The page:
Say That Again: A Summary of AJACTLA

By David Shakow

If you haven’t memorized the 433 pages of the latest version of the American Jobs and Closing Tax Loopholes Act of 2010 (undoubtedly named to allow for the euphonious acronym, AJACTLA), you are denying yourself a unique treat.  (To get the true flavor, don’t forget the fifteen pages of amendments included with the House passage of the bill on May 28.)  We will allow others to give you a full rundown of the 206 sections of the bill and content ourselves with a summary of the highlights.

Much of the bill is taken up with extensions of provisions that are soon set to expire (or already have), including:

  • the expensing of environmental remediation costs (section 198(h));
  • the deduction allowable under section 199 with respect to income attributable to domestic production activities in Puerto Rico (section 199(d)(8));
  • the exceptions for active financing income under subpart F (sections 953(e)(10) and 954(h)(9)); and
  • the look-thru treatment of payments between related controlled foreign corporations under the foreign personal holding company rules (section 954(c)(6)).

Seeking revenue to offset the cost of many of these extenders, Congress has added a number of new provisions that require a bit more explanation.

Prevention of Foreign Tax Credit Splitting

New section 909 would attack “foreign tax credit splitting events,” where a foreign entity pays a foreign tax, but the related income is taken into account by another related party.  Under the new provision, when such a splitting event occurs, the foreign tax is not taken into account for foreign tax credit purposes until the related income is recognized for U.S. tax purposes.  The target of the provision is situations where a U.S. taxpayer takes the benefit of a foreign tax credit although the U.S. taxpayer has not recognized the related income.  As currently drafted, the new provision would apply to foreign taxes paid or accrued after May 20, 2010.  Thus, it will apply to transactions that occurred before this provision was proposed.  [Section 401 of the bill]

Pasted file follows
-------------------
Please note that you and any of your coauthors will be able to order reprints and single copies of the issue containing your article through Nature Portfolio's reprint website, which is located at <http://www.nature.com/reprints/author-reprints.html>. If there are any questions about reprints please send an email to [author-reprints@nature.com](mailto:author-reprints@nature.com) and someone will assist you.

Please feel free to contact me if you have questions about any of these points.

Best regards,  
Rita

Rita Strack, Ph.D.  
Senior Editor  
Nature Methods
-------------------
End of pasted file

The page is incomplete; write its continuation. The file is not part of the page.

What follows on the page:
Denial of Foreign Tax Credits for Covered Asset Acquisitions

New section 901(l) denies foreign tax credits to the extent they relate to basis differences resulting from a “covered asset acquisition.”  The provision targets any transaction in which the basis of an asset is increased for U.S. tax purposes but not for foreign tax purposes, for example, when a section 338 election is made with respect to the acquisition of a foreign corporation.  As a result of the asset having higher basis for U.S. tax purposes, the foreign jurisdiction’s income, with respect to which the foreign tax credit is generated, would be greater than the income recognized for U.S. purposes, and the foreign tax credits that are generated could be used to offset U.S. taxes on other foreign income.  [Section 402]